Does the socioeconomic background of pregnant women make a difference to their perceptions of antenatal care? A qualitative case study - PhDData

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Does the socioeconomic background of pregnant women make a difference to their perceptions of antenatal care? A qualitative case study

The thesis was published by Docherty, Angie, in September 2022, University of Stirling.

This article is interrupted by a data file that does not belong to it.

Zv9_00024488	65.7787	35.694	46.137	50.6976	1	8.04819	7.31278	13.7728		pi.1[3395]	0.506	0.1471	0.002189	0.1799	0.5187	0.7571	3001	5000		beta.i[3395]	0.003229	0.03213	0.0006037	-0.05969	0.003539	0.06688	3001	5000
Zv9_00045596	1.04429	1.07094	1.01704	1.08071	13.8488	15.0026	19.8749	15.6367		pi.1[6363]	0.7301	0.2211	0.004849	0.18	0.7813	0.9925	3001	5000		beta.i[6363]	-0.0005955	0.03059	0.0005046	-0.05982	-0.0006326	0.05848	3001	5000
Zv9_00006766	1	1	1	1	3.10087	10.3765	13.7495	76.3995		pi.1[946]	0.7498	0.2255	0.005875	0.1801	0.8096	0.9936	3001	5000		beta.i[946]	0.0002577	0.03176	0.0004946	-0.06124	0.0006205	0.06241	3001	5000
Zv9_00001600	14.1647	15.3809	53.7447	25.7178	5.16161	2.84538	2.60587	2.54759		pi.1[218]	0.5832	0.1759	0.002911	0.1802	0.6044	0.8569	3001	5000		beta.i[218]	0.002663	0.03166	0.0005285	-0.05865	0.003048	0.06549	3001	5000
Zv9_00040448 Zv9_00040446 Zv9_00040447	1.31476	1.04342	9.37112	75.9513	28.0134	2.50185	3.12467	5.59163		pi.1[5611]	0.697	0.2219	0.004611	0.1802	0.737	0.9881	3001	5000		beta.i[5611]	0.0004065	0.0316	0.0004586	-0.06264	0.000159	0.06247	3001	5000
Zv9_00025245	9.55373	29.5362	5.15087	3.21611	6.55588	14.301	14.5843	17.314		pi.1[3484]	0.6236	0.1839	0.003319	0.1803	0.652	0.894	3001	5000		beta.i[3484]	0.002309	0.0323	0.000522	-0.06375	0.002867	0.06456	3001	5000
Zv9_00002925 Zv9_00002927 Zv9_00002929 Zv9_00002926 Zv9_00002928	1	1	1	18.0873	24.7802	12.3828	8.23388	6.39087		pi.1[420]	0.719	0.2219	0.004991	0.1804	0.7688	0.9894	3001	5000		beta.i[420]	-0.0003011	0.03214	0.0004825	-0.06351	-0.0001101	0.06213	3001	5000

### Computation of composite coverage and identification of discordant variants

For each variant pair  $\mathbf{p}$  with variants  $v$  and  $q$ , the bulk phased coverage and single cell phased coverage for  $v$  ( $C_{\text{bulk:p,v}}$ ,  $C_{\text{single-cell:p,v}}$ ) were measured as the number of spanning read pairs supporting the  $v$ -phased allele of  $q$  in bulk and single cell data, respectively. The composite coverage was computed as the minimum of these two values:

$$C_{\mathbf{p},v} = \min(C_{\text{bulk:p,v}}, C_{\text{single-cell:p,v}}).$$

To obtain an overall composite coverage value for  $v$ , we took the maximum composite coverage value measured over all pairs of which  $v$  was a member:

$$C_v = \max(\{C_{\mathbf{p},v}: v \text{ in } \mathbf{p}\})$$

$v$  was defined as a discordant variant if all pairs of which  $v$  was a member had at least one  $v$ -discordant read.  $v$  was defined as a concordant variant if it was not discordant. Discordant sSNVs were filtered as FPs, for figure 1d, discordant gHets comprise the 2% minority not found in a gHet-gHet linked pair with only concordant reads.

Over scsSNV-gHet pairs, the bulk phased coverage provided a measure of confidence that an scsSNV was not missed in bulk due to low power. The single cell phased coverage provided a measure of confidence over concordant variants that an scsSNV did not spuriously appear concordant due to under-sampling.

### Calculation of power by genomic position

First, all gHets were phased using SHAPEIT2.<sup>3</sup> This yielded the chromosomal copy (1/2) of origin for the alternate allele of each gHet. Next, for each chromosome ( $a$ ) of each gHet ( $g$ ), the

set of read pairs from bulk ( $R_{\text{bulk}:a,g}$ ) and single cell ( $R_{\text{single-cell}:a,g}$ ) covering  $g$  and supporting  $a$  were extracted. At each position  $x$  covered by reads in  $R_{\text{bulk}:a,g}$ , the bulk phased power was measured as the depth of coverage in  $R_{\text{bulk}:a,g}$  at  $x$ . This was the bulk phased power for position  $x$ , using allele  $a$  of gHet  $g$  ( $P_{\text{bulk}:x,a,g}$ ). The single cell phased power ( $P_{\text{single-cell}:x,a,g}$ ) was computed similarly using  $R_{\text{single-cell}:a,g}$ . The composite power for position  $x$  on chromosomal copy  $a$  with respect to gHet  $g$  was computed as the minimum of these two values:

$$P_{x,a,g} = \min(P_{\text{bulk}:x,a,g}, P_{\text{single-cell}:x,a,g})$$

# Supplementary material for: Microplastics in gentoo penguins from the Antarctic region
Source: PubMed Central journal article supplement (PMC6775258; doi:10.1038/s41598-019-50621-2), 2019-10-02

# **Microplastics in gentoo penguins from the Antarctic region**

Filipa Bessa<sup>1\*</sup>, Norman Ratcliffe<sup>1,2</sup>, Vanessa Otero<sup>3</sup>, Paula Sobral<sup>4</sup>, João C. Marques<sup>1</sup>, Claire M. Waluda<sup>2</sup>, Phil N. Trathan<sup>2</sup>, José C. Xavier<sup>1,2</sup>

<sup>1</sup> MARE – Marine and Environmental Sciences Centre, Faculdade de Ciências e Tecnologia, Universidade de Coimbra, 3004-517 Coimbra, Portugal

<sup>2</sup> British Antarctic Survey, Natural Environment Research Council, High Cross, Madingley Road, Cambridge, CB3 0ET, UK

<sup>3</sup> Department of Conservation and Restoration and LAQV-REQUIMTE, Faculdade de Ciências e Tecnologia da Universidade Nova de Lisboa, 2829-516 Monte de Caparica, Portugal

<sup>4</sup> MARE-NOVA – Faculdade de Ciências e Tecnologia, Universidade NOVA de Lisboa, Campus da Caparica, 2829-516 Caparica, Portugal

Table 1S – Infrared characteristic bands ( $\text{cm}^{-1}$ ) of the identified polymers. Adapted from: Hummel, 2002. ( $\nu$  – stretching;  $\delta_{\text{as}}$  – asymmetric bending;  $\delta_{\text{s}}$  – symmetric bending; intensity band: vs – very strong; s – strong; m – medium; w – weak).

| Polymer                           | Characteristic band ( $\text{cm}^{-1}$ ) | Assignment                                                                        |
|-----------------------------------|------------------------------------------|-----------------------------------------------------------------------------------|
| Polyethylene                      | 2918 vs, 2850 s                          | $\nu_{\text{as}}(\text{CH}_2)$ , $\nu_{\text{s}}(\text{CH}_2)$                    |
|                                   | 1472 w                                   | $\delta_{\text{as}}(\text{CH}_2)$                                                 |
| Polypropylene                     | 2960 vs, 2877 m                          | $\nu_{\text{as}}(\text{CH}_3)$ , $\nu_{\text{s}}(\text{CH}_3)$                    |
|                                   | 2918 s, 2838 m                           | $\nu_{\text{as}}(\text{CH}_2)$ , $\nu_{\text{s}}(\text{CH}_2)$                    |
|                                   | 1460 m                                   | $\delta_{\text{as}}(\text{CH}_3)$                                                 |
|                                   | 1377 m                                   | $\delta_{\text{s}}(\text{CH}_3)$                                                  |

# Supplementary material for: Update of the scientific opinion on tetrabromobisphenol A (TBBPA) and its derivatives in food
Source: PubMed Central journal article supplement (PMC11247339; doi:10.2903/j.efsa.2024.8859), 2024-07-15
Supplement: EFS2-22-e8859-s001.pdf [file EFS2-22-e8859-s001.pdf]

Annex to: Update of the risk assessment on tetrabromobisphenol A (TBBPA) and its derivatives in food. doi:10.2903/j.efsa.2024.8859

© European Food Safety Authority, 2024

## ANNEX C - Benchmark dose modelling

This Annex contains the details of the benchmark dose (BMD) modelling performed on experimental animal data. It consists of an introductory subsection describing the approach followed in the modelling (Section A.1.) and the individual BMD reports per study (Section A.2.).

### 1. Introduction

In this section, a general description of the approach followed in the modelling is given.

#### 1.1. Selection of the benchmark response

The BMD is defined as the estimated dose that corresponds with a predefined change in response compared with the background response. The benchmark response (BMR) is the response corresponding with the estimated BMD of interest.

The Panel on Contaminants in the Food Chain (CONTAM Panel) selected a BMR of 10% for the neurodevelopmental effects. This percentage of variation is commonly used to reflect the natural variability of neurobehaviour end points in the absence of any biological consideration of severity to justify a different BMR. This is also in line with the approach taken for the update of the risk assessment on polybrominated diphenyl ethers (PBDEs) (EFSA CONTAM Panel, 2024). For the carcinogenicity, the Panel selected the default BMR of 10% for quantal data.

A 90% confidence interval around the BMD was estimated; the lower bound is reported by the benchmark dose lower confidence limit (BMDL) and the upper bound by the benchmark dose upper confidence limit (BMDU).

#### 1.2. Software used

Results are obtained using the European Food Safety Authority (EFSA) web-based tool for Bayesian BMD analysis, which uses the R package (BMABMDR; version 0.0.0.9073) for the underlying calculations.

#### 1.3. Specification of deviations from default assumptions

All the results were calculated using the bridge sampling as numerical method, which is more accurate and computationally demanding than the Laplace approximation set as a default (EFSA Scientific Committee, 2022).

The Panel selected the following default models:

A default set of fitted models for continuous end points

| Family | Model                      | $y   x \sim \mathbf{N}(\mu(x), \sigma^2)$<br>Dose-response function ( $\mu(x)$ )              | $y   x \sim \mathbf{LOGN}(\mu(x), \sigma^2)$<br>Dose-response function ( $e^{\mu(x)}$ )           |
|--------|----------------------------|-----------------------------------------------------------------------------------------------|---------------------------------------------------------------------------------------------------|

Socioeconomically deprived women are at greater risk of adverse pregnancy outcomes. To counteract this, attention tends to focus around access (equality) of services. Yet access may not equate with the meaningfulness (equity) of services for women from different socioeconomic backgrounds. Without understanding equity we are not in a position to plan appropriate and equitable care. This study aimed to determine pregnant women’s perceptions of the current antenatal provision and to determine if women from the extremes of socioeconomic background perceived their antenatal care differently. Longitudinal interviews were undertaken with multiple, comparative antenatal case studies between January 2007 and April 2009. Cases were primigravida women from ‘least deprived’ (n=9) and ‘most deprived’ (n=12) geographical areas as identified by the Scottish Index of Multiple Deprivation (SIMD 2006). The data were analysed using case study replication analysis. Analysis of categorical data from the sample groups indicated they were less diverse than might have been expected in terms of age and education. However in the key variables of housing tenure, potential income and socioeconomic status based on area of residence, the groups were indicative of the SIMD target populations. The preliminary analysis showed that the sample groups considered the initial General Practitioner contact to be less than adequate and the subsequent utility of antenatal education to be based on self perceived relevance. The substantive analysis showed little difference in access to antenatal services between the ‘least’ and ‘most’ deprived groups but perception of care differed. A key difference concerned the level of ‘engagement’ (defined as personalisation and active involvement in care, power and relationships and health literacy). Using these concepts, engagement was present in most of the ‘least deprived’ group and almost none of the ‘most deprived’ group. In comparison with women from affluent areas, more deprived women described less evidence of: personal connection to their own care; shared decision making; and perceived value in relation to the written educational aspects of antenatal care. In terms of the preliminary analysis, the results suggest that utility of educational material may need to be reviewed to ensure it is relevant to specific needs. Without this relevance, key information may be missed. The substantive analysis suggests that for women from socioeconomically deprived areas, access may be a less useful indicator than engagement when assessing quality of antenatal services. The lack of engagement perceived by those who are most deprived suggests that equity of service has yet to be attained for those who are most in need. Future research needs to be directed to the potential reasons that may undermine equity and engagement in women from lower socioeconomic areas.

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